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Swim England supports campaign on importance of aquatic physiotherapy

Swim England is supporting a campaign to raise awareness of the importance of aquatic physiotherapy and the impact it can have on physical and mental wellbeing.

The campaign, launched by the Chartered Society of Physiotherapy (CSP), aims to keep facilities such as hydrotherapy pools open.

Closures have become more common and many have expressed concerns about the impact it is having on those who rely on these facilities.

This links closely with Swim England’s Decade of Decline report, launched last year, which states that almost 2,000 swimming pools could be lost forever by 2030.

One of those who will be affected by the closures is 15-year-old Dominic, who has cerebral palsy.

His condition affects all four of his limbs, meaning he has been in a wheelchair for most of his life.

Explaining the benefits he experiences from aquatic physiotherapy, Dominic said: “It makes me feel like I’ve actually done something, I feel like I can do more [in the water] than I can do on land.

“I can walk by myself, swim by myself, just do everything in the water by myself, it really promotes my independence.”

Hydrotherapy, also known as aquatic physiotherapy, represents a vital component of care for people with a range of debilitating health conditions.

Hydrotherapy pools, through their warm and buoyant water, help reduce the load on the joints and can make stretching and movement more effective.

The properties of the water can also help restore strength and re-educate the body to be able to perform important functional movements, helping some to then go on to be able to tolerate equivalent movements on land that were previously not possible.

Hydrotherapy can provide a safe and controlled environment for important rehabilitative exercise for people with complex conditions, delivered by trained physiotherapists.

It also helps to provide important respite from the pain and discomfort associated with disease and, for many, has a hugely beneficial impact on both physical and mental wellbeing.

Jacqueline Pattman, Dominic’s Aquatic Physiotherapist, is also chair of the Aquatic Therapy Association of Chartered Physiotherapy and sits on Swim England’s Swimming and Health Commission.

She said: “I think the main impact that aquatic physiotherapy has had on Dom is that it has both physical, physiological and psychosocial benefits.

“I’ve known him for 12-13 years and in that time I’ve seen him develop independence in the water, which is the main thing from a safety point of view, but also his confidence.”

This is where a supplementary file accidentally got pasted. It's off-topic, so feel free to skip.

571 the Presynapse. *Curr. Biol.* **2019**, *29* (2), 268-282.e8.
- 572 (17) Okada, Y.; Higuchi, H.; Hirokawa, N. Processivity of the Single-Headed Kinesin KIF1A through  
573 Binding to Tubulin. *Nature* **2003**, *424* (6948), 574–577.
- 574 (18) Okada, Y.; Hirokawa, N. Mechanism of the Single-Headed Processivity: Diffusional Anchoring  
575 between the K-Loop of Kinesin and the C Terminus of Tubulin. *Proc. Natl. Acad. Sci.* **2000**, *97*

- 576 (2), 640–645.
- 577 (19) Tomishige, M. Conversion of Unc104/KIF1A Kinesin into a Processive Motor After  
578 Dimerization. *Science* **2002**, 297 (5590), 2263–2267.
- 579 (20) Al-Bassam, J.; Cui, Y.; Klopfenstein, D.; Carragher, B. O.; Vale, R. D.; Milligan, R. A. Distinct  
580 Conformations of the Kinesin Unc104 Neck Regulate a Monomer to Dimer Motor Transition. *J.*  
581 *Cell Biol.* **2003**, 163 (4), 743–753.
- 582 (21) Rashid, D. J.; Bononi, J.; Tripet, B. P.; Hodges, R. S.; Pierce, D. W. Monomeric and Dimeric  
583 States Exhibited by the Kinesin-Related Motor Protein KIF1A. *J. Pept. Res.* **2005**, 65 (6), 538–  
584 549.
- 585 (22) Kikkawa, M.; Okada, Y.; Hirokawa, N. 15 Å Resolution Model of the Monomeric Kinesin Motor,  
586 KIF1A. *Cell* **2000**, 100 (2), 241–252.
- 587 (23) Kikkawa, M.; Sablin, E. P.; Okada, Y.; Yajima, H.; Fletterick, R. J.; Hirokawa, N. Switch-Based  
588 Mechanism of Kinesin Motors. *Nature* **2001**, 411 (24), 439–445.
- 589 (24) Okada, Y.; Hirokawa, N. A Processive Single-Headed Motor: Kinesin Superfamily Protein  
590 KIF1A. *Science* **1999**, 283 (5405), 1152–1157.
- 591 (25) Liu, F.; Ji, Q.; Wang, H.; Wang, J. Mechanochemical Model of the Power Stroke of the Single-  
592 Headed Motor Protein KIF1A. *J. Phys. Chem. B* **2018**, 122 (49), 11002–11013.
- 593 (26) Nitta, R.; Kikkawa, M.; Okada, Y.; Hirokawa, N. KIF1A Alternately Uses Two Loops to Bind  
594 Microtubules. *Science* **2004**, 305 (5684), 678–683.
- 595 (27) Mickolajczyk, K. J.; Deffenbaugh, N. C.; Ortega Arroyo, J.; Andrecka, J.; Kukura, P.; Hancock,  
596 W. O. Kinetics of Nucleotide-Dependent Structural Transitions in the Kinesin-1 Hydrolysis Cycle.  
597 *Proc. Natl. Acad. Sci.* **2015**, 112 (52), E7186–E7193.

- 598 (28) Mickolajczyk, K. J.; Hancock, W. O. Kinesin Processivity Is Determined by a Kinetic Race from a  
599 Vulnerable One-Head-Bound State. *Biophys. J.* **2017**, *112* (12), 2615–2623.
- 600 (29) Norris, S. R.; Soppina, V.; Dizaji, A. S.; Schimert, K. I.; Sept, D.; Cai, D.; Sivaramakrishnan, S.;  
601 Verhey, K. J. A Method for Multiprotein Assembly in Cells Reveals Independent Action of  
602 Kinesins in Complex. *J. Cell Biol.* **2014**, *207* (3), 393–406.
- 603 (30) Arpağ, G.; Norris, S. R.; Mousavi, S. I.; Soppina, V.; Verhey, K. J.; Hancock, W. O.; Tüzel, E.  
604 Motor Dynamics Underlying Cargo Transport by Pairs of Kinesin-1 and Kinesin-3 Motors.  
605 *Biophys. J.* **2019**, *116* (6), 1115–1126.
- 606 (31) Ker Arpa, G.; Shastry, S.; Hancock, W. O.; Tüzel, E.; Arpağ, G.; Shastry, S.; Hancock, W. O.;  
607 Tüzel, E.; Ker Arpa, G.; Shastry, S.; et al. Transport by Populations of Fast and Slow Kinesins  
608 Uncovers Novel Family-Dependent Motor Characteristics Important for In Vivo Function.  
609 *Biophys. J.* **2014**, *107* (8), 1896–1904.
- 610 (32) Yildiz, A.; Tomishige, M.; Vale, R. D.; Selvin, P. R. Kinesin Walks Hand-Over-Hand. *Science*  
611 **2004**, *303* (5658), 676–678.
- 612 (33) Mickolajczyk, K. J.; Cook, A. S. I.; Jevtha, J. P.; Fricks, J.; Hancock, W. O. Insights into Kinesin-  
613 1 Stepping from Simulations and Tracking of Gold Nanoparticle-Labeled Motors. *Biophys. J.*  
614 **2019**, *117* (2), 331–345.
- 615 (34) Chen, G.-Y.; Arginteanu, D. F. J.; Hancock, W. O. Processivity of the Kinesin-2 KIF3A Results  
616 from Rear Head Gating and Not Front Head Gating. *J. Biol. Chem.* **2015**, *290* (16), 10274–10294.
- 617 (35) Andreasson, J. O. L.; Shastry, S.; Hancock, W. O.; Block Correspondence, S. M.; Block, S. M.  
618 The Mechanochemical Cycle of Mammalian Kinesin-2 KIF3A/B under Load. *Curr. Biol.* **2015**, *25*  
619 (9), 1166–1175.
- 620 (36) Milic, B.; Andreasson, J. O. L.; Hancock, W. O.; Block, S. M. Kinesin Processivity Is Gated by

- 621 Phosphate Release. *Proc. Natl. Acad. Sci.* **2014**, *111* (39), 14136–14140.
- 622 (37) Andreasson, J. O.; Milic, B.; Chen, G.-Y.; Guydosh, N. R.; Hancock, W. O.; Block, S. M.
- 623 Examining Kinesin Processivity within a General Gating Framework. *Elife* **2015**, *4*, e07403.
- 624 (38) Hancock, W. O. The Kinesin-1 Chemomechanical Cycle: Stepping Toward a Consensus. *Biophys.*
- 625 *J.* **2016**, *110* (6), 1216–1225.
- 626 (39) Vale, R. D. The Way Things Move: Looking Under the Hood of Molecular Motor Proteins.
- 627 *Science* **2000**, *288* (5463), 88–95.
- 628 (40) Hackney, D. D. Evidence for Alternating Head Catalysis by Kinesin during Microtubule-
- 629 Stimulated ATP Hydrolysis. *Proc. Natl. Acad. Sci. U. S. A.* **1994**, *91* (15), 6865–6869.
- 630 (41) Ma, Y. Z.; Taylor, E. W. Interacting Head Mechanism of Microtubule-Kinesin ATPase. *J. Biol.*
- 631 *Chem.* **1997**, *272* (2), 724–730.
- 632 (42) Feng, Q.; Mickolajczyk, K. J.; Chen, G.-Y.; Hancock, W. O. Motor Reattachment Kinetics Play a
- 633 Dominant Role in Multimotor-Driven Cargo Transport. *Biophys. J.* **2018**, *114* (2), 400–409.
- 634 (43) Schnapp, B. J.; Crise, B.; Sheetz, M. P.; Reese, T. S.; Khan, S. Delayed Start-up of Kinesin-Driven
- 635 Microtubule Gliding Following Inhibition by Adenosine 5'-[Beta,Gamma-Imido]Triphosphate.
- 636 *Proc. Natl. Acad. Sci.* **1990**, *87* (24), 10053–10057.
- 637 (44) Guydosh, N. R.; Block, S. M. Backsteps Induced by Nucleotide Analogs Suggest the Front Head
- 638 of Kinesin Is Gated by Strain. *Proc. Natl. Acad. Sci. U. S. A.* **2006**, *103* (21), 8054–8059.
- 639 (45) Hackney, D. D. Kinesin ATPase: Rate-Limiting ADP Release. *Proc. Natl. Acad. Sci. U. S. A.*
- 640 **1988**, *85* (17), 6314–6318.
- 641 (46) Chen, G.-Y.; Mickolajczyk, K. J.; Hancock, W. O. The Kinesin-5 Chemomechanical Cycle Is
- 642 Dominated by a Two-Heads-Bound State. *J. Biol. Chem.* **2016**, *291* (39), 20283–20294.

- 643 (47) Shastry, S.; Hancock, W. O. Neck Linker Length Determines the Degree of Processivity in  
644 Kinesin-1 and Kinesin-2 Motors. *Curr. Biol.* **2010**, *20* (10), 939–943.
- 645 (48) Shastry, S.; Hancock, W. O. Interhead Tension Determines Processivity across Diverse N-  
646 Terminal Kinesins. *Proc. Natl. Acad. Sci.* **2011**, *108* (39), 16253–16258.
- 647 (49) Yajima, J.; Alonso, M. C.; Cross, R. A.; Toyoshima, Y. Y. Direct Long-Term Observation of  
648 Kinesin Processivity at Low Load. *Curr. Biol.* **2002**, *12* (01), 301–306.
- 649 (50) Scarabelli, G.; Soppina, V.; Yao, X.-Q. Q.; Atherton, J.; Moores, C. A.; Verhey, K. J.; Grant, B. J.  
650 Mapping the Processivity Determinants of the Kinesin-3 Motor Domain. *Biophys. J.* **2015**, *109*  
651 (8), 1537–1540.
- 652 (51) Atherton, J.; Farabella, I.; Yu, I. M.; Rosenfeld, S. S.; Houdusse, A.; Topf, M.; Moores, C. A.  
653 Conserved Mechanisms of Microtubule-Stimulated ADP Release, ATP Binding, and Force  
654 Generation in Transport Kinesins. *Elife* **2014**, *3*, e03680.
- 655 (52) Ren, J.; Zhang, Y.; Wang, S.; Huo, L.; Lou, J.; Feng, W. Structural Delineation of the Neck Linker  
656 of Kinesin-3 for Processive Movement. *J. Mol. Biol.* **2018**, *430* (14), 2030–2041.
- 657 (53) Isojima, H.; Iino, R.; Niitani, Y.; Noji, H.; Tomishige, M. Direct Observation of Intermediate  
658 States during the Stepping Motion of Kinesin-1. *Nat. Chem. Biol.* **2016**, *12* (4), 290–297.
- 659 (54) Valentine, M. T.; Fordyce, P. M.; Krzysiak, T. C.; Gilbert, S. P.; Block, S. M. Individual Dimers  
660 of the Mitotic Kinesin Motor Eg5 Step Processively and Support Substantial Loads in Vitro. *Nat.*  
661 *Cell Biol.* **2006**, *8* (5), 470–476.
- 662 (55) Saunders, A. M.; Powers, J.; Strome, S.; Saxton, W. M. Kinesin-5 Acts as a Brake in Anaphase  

See the freedom that he felt

Sarah, Dominic’s mum, explained that aquatic physiotherapy has given her son ‘freedom’.

She added: “He started aquatic physiotherapy when he was two and a half and it’s just amazing.

“Almost straight away it was his thing, he could see the freedom that he felt and he took to it really quickly – he was a bit of a water baby.

“He can do limited mat work, but to actually get him into positions, or to do exercise it’s very challenging for him and not enjoyable. It’d be devastating for him if he couldn’t get into a swimming pool and have aquatic therapy.

“Dom’s never been on any medication, he’s very rarely in pain, if at all, and he’s a healthy boy.

“I really think a lot of that is because he’s had that exercise being able to get into a swimming pool and have aquatic therapy.”

Benefits of being active in water

Andrew Power, Swim England’s water wellbeing specialist, says facilities and pool space need to be made available to ensure ‘everyone can experience the benefits of being active in water’.

“As the national governing body for swimming in England, our work has always been about helping people to learn how to swim, enjoy the water safely and compete in aquatic sports,” he said.

“However, there is an increasing recognition of the role we can play in supporting people to swim throughout the life course and enjoy better health.

“We want everyone to be able to experience the benefits of being active in water, but for those like Dominic, there needs to be a co-ordinated effort to ensure that specialist support such as aquatic physiotherapy and the pool spaces that allow these services to succeed, continue to be made available.

“We are working with the Aquatic Physiotherapy and Hydrotherapy Alliance with a range of actions to secure this kind of support now, and for the future.”

Swim England’s Value of Swimming report in 2019 and the Decade of Decline report in 2021, were intended to influence and increase awareness of the importance of swimming to government and in healthcare professionals, as well as commissioners minds.

Alongside Swim England’s involvement with the Aquatic Physiotherapy and Hydrotherapy Alliance, the national governing body is keen to work with partners across leisure, healthcare and charitable sectors who can help to safeguard the most valued aquatic spaces and services for the future, impacting on the health and wellbeing of the population now and in years to come.

For more information on the CSP campaign, visit csp.org.uk or to get involved with Swim England’s work around health and wellbeing, contact Andrew Power via andrew.power@swimming.org.

Main image: Chartered Society of Physiotherapy YouTube

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